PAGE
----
The United States Navy is the naval warfare service branch of the United States Armed Forces and one of the seven uniformed services of the United States. It is the largest and most capable navy in the world and it has been estimated that in terms of tonnage of its active battle fleet alone, it is larger than the next 13 navies combined, which includes 11 U. S. allies or partner nations. With the highest combined battle fleet tonnage and the world's largest aircraft carrier fleet, with eleven in service, two new carriers under construction. With 319,421 personnel on active duty and 99,616 in the Ready Reserve, the Navy is the third largest of the service branches, it has 282 deployable combat vessels and more than 3,700 operational aircraft as of March 2018, making it the second-largest air force in the world, after the United States Air Force. The U. S. Navy traces its origins to the Continental Navy, established during the American Revolutionary War and was disbanded as a separate entity shortly thereafter.
The U. S. Navy played a major role in the American Civil War by blockading the Confederacy and seizing control of its rivers, it played the central role in the World War II defeat of Imperial Japan. The US Navy emerged from World War II as the most powerful navy in the world; the 21st century U. S. Navy maintains a sizable global presence, deploying in strength in such areas as the Western Pacific, the Mediterranean, the Indian Ocean, it is a blue-water navy with the ability to project force onto the littoral regions of the world, engage in forward deployments during peacetime and respond to regional crises, making it a frequent actor in U. S. foreign and military policy. The Navy is administratively managed by the Department of the Navy, headed by the civilian Secretary of the Navy; the Department of the Navy is itself a division of the Department of Defense, headed by the Secretary of Defense. The Chief of Naval Operations is the most senior naval officer serving in the Department of the Navy.
The mission of the Navy is to maintain and equip combat-ready Naval forces capable of winning wars, deterring aggression and maintaining freedom of the seas. The U. S. Navy is a seaborne branch of the military of the United States; the Navy's three primary areas of responsibility: The preparation of naval forces necessary for the effective prosecution of war. The maintenance of naval aviation, including land-based naval aviation, air transport essential for naval operations, all air weapons and air techniques involved in the operations and activities of the Navy; the development of aircraft, tactics, technique and equipment of naval combat and service elements. U. S. Navy training manuals state that the mission of the U. S. Armed Forces is "to be prepared to conduct prompt and sustained combat operations in support of the national interest." As part of that establishment, the U. S. Navy's functions comprise sea control, power projection and nuclear deterrence, in addition to "sealift" duties, it follows as certain as that night succeeds the day, that without a decisive naval force we can do nothing definitive, with it, everything honorable and glorious.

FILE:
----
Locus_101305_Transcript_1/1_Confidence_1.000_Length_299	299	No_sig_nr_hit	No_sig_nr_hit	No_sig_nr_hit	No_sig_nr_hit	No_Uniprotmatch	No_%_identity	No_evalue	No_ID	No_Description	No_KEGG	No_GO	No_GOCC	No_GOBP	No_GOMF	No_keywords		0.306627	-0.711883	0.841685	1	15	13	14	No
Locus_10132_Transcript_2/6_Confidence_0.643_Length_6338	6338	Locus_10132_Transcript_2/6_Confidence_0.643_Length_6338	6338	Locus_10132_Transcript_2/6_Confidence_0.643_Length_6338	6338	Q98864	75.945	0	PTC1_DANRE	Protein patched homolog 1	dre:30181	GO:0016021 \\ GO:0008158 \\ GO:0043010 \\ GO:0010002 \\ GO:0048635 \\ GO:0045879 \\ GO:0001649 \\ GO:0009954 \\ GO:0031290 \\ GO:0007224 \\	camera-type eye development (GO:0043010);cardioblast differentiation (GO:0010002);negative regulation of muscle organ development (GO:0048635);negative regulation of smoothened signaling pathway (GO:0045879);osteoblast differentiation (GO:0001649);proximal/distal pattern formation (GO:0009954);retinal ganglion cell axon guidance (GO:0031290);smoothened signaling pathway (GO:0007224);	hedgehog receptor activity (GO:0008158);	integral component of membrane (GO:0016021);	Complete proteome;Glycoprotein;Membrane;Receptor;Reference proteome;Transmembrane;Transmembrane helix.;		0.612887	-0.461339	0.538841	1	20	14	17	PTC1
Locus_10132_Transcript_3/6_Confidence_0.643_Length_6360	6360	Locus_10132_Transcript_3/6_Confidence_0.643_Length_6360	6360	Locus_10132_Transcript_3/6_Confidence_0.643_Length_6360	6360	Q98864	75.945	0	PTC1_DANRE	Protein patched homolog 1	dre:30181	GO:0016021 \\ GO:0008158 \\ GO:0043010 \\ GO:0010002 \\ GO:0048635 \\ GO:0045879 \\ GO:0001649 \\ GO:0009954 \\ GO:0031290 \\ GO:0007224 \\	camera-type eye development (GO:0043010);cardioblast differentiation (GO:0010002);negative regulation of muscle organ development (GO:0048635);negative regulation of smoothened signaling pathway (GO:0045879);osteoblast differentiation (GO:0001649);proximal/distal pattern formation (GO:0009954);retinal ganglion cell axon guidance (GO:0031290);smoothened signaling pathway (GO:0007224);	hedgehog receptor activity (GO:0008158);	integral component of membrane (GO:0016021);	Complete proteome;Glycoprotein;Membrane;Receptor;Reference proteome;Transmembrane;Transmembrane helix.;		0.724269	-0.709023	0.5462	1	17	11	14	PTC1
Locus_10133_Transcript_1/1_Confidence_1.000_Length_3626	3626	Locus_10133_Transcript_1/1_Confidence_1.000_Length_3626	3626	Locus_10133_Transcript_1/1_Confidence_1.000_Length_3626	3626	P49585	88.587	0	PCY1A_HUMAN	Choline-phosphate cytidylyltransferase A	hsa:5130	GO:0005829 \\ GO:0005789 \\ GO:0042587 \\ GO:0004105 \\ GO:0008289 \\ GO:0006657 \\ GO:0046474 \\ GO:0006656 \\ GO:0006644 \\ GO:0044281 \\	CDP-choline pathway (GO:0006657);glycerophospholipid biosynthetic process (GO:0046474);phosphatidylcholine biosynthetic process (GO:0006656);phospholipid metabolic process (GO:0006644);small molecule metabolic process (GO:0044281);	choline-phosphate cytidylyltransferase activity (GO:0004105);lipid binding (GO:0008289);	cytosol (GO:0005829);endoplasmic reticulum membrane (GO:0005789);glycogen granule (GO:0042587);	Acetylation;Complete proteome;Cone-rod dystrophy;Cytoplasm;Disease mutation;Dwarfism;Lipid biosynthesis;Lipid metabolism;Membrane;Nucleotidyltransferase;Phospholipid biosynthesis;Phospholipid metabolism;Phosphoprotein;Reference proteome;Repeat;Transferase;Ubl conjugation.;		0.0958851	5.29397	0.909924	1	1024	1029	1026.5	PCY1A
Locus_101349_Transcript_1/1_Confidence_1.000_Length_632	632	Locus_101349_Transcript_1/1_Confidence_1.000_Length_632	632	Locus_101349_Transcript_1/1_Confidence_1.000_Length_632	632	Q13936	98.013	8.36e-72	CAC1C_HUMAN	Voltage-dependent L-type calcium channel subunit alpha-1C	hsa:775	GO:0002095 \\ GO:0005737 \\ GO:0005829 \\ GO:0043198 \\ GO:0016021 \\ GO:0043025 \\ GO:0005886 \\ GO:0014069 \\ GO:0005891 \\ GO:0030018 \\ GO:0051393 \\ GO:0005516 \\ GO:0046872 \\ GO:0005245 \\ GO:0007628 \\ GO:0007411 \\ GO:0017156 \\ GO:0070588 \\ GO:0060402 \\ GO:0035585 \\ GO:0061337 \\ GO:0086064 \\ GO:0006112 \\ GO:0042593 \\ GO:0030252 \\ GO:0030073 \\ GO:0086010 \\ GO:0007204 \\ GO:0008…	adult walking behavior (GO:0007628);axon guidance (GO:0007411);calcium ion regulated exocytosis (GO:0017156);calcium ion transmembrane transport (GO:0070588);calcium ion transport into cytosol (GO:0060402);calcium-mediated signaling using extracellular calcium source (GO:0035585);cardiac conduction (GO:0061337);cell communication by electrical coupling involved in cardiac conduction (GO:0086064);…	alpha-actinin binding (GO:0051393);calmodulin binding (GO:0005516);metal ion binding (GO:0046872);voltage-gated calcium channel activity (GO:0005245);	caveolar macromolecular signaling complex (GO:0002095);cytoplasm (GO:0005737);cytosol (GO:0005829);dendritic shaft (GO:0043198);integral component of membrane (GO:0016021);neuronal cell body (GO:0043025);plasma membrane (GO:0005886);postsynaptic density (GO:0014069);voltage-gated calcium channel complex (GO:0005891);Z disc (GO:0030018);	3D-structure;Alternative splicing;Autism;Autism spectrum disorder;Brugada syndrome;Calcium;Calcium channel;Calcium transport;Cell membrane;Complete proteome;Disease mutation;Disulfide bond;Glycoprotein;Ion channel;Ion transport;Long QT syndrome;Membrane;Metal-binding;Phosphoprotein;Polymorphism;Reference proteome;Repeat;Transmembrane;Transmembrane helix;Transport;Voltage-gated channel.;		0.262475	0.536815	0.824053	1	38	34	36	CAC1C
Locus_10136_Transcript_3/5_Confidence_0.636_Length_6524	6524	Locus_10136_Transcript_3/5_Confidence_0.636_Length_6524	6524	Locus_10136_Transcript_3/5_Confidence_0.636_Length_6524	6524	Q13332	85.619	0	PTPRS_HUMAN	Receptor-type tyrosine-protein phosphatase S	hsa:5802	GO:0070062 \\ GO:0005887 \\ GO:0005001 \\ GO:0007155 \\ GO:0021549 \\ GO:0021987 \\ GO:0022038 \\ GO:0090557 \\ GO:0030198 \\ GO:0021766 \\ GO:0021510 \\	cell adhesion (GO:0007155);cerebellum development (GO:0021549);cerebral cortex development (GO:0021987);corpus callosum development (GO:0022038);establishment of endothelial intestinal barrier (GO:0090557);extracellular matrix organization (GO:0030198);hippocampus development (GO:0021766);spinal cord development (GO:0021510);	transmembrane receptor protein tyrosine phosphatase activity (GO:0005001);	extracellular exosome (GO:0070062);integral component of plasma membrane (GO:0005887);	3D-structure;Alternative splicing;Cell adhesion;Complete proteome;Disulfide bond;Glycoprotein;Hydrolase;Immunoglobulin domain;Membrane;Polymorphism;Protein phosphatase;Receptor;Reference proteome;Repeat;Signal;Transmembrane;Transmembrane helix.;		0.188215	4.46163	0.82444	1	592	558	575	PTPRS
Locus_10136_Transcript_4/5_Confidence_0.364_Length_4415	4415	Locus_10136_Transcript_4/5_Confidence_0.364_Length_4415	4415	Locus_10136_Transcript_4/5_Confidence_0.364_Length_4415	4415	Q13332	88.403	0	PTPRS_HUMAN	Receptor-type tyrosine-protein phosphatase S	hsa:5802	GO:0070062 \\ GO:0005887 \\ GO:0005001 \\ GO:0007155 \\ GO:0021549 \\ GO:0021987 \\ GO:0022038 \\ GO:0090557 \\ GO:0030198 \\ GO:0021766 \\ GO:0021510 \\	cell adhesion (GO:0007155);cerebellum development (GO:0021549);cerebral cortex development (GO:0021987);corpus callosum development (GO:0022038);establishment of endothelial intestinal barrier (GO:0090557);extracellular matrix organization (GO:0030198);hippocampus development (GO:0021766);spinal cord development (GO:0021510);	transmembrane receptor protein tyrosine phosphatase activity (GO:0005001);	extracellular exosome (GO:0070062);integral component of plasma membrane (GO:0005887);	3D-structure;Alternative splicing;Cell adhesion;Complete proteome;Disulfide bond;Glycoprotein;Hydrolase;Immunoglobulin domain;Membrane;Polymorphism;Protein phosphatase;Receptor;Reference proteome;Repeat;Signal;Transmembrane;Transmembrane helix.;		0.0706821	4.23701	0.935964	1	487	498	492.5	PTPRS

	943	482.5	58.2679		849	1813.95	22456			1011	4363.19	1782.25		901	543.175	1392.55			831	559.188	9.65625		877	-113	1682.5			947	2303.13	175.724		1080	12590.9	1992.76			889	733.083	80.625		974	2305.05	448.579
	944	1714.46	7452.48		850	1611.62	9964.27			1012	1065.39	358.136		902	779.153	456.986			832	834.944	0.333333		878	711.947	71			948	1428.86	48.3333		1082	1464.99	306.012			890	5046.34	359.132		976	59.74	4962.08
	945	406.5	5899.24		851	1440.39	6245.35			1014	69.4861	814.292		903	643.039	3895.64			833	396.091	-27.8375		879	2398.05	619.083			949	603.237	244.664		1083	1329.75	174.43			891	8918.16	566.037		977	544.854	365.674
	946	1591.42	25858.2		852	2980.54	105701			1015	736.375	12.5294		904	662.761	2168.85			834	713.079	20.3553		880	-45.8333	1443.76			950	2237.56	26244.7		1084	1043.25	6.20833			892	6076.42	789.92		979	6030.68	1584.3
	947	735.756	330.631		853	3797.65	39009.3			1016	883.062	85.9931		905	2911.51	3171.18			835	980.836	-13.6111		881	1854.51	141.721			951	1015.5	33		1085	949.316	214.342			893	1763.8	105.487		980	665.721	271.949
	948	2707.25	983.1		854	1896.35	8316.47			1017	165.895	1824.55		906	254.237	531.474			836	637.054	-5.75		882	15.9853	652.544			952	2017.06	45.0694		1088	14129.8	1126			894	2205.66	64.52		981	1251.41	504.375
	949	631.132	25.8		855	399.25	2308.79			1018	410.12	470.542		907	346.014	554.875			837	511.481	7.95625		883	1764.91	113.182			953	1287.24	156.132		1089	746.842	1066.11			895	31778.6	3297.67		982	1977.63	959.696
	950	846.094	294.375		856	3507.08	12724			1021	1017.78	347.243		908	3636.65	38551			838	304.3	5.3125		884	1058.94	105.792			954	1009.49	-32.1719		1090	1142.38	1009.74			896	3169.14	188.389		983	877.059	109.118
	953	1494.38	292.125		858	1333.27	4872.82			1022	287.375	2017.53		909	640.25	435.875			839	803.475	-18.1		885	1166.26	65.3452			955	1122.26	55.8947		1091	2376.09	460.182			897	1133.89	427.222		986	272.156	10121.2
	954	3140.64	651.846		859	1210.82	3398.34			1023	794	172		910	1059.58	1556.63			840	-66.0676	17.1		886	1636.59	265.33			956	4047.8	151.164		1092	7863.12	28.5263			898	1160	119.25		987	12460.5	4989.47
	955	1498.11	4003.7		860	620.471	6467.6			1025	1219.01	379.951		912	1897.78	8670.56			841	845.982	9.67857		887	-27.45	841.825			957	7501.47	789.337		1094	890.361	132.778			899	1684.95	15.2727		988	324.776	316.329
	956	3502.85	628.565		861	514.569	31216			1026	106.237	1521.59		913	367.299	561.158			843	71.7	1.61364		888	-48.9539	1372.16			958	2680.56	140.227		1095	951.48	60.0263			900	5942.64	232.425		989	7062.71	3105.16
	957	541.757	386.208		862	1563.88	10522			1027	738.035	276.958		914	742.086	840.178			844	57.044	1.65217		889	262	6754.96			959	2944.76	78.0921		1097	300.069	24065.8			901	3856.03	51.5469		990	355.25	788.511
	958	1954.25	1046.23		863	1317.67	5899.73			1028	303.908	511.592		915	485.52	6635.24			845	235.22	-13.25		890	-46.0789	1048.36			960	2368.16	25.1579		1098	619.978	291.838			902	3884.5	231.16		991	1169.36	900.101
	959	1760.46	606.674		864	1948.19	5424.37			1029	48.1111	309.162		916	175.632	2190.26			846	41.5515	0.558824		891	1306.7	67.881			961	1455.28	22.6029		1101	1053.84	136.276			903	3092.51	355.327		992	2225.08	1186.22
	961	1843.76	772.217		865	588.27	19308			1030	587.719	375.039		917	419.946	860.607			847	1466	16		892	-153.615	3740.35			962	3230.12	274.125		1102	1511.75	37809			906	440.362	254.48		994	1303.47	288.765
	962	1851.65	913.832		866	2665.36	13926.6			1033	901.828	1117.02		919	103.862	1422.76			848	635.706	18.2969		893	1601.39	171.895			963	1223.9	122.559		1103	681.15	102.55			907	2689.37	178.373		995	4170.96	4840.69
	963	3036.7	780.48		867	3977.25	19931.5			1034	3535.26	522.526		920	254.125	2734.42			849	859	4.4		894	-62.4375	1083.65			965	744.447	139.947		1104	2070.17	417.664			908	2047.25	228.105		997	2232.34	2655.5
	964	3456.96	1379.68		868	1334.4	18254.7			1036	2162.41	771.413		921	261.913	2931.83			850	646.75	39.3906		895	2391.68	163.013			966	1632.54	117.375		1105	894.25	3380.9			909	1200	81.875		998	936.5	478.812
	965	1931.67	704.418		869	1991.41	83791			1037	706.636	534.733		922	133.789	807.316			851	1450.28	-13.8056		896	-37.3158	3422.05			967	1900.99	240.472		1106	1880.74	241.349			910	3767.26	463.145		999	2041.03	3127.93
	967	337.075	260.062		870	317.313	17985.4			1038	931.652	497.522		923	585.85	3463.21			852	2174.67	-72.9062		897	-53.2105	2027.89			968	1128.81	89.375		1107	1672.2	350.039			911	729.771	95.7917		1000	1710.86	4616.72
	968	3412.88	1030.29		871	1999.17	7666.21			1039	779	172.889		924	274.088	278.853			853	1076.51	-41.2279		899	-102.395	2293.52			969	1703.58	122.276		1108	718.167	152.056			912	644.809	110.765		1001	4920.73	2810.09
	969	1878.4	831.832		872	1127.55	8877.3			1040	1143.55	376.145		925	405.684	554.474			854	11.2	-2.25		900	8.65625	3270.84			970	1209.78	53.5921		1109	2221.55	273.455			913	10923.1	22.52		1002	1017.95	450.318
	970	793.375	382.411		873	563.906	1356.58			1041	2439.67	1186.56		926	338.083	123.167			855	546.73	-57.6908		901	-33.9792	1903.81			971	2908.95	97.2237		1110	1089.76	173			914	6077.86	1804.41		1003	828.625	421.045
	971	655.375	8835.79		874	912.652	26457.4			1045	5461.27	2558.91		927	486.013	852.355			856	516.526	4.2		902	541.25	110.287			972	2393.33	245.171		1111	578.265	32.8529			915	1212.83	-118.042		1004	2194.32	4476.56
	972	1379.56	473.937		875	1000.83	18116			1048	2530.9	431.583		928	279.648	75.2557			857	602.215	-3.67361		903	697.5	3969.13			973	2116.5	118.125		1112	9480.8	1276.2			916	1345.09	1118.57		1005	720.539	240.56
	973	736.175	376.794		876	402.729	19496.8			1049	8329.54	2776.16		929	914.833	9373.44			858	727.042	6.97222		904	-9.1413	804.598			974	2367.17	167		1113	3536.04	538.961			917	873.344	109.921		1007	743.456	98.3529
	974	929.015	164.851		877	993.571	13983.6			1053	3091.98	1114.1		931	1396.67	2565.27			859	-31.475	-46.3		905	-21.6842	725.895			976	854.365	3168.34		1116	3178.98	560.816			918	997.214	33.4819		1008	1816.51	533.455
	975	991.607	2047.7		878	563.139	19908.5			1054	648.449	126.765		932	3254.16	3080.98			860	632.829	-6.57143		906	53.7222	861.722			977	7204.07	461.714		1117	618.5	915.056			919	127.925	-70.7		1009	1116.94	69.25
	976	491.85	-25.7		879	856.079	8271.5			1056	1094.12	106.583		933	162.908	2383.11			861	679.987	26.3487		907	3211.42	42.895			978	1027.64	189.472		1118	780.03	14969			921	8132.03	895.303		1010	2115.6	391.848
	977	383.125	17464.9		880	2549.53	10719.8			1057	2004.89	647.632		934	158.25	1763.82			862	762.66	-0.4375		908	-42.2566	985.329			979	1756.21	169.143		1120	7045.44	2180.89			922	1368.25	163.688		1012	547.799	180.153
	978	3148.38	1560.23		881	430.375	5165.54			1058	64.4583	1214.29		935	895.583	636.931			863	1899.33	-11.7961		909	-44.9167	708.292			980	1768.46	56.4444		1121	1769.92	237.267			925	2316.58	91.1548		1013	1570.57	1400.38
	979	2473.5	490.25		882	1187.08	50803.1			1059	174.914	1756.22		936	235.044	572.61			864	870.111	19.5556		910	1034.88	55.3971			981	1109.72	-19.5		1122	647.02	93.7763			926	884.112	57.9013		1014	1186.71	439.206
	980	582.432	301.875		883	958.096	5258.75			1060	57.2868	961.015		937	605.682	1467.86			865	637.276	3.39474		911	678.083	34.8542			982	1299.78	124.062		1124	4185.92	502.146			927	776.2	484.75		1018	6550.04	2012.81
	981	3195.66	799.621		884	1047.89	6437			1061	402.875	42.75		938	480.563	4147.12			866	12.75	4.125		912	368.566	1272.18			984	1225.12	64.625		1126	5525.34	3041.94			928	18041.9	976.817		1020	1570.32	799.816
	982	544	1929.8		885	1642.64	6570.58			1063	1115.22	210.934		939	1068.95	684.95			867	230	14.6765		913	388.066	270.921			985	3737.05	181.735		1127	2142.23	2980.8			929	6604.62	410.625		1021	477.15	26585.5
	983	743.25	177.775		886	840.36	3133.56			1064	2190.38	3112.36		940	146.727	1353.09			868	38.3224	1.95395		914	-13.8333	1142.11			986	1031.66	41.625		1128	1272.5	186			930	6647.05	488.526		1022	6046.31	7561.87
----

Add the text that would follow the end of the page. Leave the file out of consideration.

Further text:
Naval power... is the natural defense of the United States The Navy was rooted in the colonial seafaring tradition, which produced a large community of sailors and shipbuilders. In the early stages of the American Revolutionary War, Massachusetts had its own Massachusetts Naval Militia; the rationale for establishing a national navy was debated in the Second Continental Congress. Supporters argued that a navy would protect shipping, defend the coast, make it easier to seek out support from foreign countries. Detractors countered that challenging the British Royal Navy the world's preeminent naval power, was a foolish undertaking. Commander in Chief George Washington resolved the debate when he commissioned the ocean-going schooner USS Hannah to interdict British merchant ships and reported the captures to the Congress. On 13 October 1775, the Continental Congress authorized the purchase of two vessels to be armed for a cruise against British merchant ships. S. Navy; the Continental Navy achieved mixed results.
In August 1785, after the Revolutionary War had drawn to a close, Congress had sold Alliance, the last ship remaining in the Continental Navy due to a lack of funds to maintain the ship or support a navy. In 1972, the Chief of Naval Operations, Admiral Elmo Zumwalt, authorized the Navy to celebrate its birthday on 13 October to honor the establishment of the Continental Navy in 1775; the United States was without a navy for nearly a decade, a state of affairs that exposed U. S. maritime merchant ships to a series of attacks by the Barbary pirates. The sole armed maritime presence between 1790 and the launching of the U. S. Navy's first warships in 1797 was the U. S. Revenue-Marine, the primary predecessor of the U. S. Coast Guard. Although the USRCS conducted operations against the pirates, their depredations far outstripped its abilities and Congress passed the Naval Act of 1794 that established a permanent standing navy on 27 March 1794; the Naval Act ordered the construction and manning of six frigates and, by October 1797, the first three were brought into service: USS United States, USS Constellation, USS Constitution.
Due to his strong posture on having a strong standing Navy during this period, John Adams is "often called the father of the American Navy". In 1798–99 the Navy was involved in an undeclared Quasi-War with France. From 18